Cleveland: "It's an unprecedented day in the history of the city," the lady who was responsible for handing out NBA media passes said.

"You better leave hours early for the game," the Uber driver said, adding: "There will be 100,000 people here tomorrow around this time."

"This place will be packed, from morning till the time we close," the waitress said, asking for a repeat order a third time before being disappointed and trudging back to behind the bar. Come Tuesday, she won't have the luxury to do so.

Because come Tuesday, Cleveland's grey skies will light up for a few hours in one of the most historic days in American sports history. The chill will be broken down by the warmth a 100,000 fans will bring to two sports arenas. The Q Arena will witness NBA's season opener - the Cavaliers vs New York Knicks. 38 minutes after that will have started, the Cleveland Indians will start their game against Chicago Cubs - and not just any game - but Game 1 of the Major League Baseball World Series. 

And this is what makes it so special - the two matches will take place 320 metres from each other. 

Usain Bolt could go from game-to-game in 30 seconds.

"It's great. We get to host the World Series and we get our rings on the same night at the same time. If we had a retractable roof it would be probably the loudest we ever heard, so it's pretty special," Cavs superstar LeBron James had said about the mega-sports-day.

But events don't make history - achievements do. The Cavaliers' first game will be preceded by the ring ceremony, an assertion of their might over the NBA - a reminder of how they broke Cleveland's 52-year, 147-season curse (that's how long the city waited for a championship in NBA, MLB or NFL).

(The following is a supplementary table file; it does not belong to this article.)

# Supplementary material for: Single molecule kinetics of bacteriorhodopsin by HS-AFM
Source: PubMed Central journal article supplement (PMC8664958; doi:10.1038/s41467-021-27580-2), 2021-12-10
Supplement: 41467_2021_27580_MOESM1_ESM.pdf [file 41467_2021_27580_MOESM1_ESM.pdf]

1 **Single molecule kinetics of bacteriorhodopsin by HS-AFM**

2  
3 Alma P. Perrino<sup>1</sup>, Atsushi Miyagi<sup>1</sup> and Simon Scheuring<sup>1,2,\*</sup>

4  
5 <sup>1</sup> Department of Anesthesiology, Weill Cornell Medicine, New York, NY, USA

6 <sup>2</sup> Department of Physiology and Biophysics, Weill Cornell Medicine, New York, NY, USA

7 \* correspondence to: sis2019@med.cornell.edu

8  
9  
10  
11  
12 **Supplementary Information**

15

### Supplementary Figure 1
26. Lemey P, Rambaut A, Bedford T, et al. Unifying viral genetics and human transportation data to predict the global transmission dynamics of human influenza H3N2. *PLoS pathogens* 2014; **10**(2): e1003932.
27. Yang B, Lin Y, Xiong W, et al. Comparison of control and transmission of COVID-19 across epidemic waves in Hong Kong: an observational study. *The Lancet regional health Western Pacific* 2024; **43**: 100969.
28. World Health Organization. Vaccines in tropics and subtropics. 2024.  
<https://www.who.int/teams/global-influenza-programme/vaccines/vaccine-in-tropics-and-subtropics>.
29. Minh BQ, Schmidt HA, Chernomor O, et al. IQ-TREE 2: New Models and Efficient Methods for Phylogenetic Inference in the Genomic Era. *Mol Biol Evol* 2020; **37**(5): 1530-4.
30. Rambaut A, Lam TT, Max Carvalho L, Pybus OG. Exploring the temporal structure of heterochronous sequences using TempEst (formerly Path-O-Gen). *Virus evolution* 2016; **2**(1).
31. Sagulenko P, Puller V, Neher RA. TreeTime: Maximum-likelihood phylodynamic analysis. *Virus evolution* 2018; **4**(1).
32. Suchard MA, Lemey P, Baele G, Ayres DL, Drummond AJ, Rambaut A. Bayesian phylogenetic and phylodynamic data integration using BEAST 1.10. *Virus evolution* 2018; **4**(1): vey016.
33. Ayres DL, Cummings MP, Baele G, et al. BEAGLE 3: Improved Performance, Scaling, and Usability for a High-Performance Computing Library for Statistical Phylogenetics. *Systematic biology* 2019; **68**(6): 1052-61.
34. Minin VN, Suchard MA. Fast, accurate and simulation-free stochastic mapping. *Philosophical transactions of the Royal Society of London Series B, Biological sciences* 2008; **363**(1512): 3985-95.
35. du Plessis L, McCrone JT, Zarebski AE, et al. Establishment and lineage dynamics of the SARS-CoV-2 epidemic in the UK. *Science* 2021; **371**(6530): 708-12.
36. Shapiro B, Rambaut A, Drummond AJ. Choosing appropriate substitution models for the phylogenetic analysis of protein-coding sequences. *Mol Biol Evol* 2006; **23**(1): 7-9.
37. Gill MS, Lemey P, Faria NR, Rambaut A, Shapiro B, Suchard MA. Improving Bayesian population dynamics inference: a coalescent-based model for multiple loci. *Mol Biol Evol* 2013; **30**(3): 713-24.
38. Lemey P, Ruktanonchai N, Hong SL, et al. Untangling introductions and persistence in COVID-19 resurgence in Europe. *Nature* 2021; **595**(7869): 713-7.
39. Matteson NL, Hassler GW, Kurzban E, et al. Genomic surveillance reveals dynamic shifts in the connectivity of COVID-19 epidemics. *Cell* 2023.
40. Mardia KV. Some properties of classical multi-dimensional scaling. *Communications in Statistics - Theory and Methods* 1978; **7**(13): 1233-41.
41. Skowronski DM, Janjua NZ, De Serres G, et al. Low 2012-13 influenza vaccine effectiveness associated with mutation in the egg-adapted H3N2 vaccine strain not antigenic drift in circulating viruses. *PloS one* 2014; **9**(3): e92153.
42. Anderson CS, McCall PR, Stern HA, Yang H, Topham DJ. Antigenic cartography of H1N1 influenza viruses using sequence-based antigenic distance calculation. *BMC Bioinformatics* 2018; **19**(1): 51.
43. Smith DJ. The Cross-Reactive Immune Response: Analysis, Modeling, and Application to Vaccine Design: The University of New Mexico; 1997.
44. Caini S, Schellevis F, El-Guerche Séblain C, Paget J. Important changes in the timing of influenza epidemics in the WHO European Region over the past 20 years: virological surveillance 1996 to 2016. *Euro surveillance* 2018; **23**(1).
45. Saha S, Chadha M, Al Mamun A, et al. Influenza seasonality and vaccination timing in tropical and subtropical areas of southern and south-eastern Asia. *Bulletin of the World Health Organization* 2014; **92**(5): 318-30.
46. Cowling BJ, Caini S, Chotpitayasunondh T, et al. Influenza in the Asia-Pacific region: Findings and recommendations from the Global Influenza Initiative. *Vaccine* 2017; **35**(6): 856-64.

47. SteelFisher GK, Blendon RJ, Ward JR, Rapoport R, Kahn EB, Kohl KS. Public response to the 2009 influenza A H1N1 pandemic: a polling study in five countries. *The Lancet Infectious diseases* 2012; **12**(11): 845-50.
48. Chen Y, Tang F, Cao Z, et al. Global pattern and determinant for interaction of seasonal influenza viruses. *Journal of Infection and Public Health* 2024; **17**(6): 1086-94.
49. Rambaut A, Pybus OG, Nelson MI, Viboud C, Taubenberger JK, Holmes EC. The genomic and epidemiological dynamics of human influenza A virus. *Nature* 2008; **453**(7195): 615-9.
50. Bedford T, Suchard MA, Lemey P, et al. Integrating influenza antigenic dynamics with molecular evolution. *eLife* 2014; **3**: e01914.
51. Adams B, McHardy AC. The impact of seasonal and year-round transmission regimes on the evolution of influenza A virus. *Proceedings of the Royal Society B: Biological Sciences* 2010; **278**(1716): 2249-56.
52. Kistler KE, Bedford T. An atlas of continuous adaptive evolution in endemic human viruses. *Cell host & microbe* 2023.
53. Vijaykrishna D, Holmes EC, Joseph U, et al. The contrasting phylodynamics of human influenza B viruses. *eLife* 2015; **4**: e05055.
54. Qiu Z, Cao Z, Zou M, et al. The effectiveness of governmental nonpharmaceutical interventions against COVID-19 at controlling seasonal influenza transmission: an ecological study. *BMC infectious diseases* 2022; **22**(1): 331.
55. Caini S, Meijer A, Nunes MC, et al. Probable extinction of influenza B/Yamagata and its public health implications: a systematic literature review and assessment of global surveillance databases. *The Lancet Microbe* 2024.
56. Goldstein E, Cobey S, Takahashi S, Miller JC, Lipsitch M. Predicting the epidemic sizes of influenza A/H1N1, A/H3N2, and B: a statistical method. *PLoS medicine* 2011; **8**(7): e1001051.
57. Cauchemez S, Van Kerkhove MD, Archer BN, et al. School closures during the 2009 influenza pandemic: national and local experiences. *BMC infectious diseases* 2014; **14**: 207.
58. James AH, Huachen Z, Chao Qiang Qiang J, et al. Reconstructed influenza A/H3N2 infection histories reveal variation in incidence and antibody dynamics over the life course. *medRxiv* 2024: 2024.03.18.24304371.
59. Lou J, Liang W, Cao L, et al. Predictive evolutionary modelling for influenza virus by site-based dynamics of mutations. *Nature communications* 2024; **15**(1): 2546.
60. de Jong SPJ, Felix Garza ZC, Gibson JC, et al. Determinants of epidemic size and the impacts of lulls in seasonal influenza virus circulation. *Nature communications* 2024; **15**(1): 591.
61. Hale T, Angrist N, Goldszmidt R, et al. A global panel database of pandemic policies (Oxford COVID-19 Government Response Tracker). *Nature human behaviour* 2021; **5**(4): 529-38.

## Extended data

The Indians playing Game 1 is another shot at glory, an attempt to win their first championship since 1948. They are hosting the World Series for the first time in 116 years. It is also their first trip to the World Series since 1997.

It's a remarkable day - a phenomenal sporting coincidence which sees two teams collectively take the city's pride, pin it on their hearts and rewrite the history books like never before. 

America doesn't really care about football/soccer - around half a million people watch the sport's crowning jewel the Champions League - or cricket for that matter, a market the BCCI wants to desperately tap due to the Indian diaspora in the States. The Manchester Derby, a Test in Mumbai or Cristiano Ronaldo in Madrid means little here.

However, anywhere between 15-20 million viewers are expected to tune-in on Tuesday, starting 7 PM local time. 

Downtown Cleveland is milling with activity. Broadcaster vans are being checked and merchandise stores are being stocked. Pavements are being cleaned and beer carts are being pulled into pubs smelling of heavy October brews. 

All these people, doing their routine jobs, will all come together in a few hours of sporting madness. And they will have one thing in common. They will be wearing a hat, or a t-shirt or a hoodie with the letter 'C'. The C which denotes the Cavaliers, the C which says they support the Indians. 

C, for Cleveland.

Watch Cleveland Cavaliers vs New York Knicks live on Sony Six at 5.30 AM IST on 26th October. The writer is in Cleveland on the invitation of the National Basketball Association.